Last Friday afternoon, we worried that high tensions between Israel and Syria—most immediately prompted by Foreign Minister Avigdor Lieberman’s threats to Syrian leader Bashar Assad—could lead to violence. Well, fortunately, they haven’t so far, and hot tempers have appeared to cool over the weekend. Which can allow us now to focus on the broader question of Israeli-Syrian hostility.
That there is currently no peace is partly a function of Israel’s unwillingness to give up the Golan Heights. But, really, blame for the enmity can probably be primarily laid at the feet of Syrian intransigence. Problem is (as I mentioned last Friday), that intransigence toward Israel has not stopped its newly important neighbor Turkey from seeking closer ties. It has not even prevented the United States from attempting to cozy up to Syria—America, which hopes to send its first ambassador to Damascus since 2005, would love a Syria that is less in Iran’s orbit and is cooperative in trying to maintain stability in neighboring Iraq as U.S. military forces withdraw.
A Haaretz correspondent notes, “Syria is a key country along a new axis being formed in the Middle East, which includes Turkey, Iran, Saudi Arabia, and Iraq. The backbone of this axis is economic, security, and diplomatic cooperation that would replace the old axis of Egypt, Saudi Arabia and Jordan.” A smart Israeli leader would view the region in a more classically realist way, the correspondent adds, and work extra hard to achieve peace with Syria:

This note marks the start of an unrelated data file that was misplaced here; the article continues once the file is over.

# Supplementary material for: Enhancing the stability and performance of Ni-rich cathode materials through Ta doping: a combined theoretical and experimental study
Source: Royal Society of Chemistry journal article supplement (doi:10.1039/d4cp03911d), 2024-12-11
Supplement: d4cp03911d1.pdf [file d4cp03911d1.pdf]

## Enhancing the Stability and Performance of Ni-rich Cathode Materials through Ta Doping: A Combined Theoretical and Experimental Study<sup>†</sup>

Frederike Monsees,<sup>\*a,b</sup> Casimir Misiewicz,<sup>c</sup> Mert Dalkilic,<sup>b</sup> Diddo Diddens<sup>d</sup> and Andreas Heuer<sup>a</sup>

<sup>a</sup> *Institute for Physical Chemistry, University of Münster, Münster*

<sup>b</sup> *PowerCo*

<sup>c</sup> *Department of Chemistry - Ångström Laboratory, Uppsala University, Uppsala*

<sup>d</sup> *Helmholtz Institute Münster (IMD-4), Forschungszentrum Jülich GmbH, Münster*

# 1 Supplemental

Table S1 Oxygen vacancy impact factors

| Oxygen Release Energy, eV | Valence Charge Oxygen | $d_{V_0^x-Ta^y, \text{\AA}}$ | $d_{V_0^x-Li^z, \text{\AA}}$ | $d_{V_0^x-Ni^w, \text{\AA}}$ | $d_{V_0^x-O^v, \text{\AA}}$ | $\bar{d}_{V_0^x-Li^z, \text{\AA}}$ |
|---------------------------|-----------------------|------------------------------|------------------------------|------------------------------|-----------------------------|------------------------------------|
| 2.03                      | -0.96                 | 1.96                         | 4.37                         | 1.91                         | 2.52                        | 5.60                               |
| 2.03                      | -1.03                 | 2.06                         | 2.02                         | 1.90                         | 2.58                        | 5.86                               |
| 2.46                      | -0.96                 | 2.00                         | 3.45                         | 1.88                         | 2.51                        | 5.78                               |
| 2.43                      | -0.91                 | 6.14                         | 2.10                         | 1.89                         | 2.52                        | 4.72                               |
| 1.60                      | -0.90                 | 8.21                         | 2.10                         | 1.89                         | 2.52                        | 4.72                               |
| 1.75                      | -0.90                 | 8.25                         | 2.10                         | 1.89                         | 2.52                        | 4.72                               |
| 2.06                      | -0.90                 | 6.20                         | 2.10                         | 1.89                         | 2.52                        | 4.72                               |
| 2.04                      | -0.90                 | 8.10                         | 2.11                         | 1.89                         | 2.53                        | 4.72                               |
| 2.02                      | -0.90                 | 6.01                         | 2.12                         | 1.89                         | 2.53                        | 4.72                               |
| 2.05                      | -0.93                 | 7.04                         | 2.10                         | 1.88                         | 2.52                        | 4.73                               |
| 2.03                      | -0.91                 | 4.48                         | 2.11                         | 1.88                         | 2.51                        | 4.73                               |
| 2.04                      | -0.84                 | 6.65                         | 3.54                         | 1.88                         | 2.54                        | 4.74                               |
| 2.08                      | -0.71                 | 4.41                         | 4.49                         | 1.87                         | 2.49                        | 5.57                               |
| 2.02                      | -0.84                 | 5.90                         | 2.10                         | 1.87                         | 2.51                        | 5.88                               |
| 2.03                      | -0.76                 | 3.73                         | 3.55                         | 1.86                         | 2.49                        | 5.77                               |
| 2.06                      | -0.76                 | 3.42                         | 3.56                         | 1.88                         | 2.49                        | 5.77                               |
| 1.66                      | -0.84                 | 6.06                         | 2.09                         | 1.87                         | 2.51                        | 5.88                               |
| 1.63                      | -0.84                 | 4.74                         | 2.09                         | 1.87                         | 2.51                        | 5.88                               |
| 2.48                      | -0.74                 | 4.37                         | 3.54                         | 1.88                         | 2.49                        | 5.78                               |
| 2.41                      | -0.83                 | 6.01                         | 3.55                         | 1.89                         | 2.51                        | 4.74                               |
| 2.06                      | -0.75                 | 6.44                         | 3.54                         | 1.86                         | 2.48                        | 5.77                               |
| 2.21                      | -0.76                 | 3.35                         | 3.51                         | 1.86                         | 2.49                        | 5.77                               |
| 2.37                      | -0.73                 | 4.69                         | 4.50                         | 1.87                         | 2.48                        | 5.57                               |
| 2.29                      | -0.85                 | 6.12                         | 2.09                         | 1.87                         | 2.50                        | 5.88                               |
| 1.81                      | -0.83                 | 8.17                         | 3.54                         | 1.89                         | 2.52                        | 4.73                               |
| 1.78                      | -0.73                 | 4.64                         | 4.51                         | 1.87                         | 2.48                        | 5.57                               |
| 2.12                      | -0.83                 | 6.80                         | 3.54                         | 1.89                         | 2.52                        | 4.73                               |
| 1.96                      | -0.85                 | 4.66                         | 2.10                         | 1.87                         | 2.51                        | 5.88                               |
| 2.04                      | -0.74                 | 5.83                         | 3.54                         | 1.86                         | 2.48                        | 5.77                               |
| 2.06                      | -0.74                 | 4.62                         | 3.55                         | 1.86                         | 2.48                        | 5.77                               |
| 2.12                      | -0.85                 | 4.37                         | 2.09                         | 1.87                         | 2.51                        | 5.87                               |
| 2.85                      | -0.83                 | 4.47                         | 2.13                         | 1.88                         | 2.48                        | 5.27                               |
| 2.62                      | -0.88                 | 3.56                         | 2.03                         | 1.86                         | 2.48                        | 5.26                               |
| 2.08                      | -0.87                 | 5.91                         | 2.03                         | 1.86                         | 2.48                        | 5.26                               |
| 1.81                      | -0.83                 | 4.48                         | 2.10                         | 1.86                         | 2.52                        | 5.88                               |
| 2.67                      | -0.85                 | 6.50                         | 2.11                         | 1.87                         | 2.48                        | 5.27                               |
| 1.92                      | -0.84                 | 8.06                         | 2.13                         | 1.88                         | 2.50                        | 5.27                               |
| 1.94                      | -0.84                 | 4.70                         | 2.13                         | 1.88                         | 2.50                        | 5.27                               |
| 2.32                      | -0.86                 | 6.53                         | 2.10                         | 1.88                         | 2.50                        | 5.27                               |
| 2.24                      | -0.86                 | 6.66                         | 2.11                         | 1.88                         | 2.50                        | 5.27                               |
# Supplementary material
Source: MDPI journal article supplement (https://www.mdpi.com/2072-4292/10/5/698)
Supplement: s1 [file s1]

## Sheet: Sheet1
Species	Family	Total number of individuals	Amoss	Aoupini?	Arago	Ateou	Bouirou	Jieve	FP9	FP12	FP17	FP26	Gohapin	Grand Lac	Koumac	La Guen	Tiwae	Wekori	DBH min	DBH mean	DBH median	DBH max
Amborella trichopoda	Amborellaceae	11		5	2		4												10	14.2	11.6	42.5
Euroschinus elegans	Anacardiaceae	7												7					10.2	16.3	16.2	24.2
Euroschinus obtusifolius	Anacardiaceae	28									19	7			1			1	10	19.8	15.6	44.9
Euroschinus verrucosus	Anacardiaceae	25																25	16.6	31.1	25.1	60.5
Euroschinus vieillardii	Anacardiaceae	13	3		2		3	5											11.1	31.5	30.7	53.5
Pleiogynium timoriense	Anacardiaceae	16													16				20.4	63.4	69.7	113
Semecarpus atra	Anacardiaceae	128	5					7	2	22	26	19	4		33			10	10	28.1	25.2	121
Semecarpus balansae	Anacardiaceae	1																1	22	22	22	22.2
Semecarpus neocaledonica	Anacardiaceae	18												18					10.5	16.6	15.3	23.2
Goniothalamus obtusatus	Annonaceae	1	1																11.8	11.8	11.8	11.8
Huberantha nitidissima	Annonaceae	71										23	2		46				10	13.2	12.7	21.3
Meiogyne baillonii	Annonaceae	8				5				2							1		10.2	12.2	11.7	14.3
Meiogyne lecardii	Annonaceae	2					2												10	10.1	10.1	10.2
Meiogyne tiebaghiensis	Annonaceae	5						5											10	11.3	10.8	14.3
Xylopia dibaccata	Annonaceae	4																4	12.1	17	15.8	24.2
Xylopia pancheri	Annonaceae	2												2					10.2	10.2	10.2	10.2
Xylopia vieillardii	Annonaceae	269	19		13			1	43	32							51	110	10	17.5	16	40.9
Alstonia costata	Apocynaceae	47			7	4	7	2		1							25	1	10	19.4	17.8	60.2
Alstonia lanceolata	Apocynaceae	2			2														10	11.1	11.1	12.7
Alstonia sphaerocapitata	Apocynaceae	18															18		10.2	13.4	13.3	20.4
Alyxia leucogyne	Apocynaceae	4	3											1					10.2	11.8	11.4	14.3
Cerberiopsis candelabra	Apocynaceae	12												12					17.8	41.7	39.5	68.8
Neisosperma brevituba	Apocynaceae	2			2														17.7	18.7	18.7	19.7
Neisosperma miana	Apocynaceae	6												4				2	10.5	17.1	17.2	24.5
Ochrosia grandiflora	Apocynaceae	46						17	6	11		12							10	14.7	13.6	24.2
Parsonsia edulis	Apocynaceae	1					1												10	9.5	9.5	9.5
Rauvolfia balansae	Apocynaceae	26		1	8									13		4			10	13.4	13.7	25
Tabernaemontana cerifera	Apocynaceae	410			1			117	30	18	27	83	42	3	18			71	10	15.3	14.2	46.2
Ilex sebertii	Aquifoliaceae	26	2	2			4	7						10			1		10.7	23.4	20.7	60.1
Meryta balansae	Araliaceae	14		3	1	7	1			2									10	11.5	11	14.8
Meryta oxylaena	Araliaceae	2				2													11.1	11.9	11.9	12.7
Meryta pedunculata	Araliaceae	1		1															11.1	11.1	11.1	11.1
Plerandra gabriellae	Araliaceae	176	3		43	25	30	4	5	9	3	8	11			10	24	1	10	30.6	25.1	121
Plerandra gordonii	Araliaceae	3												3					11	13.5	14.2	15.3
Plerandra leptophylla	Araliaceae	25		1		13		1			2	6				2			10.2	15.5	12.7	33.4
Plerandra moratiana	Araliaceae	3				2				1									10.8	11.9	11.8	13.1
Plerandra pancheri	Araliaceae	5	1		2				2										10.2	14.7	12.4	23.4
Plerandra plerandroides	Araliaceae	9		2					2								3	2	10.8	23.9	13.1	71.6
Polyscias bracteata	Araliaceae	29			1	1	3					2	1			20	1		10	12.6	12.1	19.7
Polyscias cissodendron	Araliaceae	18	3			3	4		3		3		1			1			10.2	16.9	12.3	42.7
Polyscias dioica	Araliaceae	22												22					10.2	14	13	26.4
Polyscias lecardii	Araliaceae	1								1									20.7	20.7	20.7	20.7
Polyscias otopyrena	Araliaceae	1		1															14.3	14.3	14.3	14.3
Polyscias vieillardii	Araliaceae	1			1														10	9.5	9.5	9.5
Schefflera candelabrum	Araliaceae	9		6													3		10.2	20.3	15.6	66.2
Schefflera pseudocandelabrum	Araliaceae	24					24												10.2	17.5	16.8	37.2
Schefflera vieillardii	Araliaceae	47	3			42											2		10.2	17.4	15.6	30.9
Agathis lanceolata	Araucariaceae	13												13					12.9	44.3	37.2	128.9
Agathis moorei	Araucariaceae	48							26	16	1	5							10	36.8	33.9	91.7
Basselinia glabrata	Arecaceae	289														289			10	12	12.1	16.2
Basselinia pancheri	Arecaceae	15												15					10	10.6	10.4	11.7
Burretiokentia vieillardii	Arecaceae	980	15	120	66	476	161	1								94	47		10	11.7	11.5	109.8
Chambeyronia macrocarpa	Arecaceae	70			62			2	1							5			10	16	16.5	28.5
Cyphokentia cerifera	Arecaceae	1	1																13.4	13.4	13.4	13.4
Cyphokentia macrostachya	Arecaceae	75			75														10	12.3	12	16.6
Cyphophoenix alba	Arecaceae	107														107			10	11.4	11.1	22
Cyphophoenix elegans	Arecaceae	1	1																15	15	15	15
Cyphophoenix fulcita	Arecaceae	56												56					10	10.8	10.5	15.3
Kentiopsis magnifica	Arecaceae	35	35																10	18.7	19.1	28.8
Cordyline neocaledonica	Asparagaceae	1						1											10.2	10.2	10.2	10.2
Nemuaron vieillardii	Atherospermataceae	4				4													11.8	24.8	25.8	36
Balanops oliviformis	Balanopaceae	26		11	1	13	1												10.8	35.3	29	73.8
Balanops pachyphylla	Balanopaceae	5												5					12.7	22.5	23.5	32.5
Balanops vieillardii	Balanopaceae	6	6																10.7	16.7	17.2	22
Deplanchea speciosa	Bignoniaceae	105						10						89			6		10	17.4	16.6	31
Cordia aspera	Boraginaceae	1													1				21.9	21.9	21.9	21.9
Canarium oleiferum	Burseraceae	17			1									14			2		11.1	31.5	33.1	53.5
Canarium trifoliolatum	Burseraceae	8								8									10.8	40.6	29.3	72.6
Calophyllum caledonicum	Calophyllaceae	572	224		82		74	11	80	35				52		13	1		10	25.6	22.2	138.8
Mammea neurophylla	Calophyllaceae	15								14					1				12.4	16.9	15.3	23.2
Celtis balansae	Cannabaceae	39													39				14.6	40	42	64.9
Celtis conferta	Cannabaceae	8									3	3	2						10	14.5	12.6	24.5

Israel, which is used to examining the region through a lens that counts Hezbollah’s missiles and Hamas’ explosive barrels sent to sea, and which considers the prisoner numbers in the Gilad Shalit deal the crux of the security threat, is blind to the region’s strategic developments. The expression “we want peace,” which is void of substance, cannot even begin to express the folly and shortsightedness of Israel, which is shrugging its shoulders at a chance to reach peace with Syria, if for no other reason than to prevent a damaging blow from this new axis.
To this end, we need a statesman, not a comedian. The leader who can make Israelis understand that peace with Syria does not mean eating humus in Damascus but is an existential interest, no less important than blocking Iran’s nuclear ambitions.
Earlier: Israel and Syria In Crisis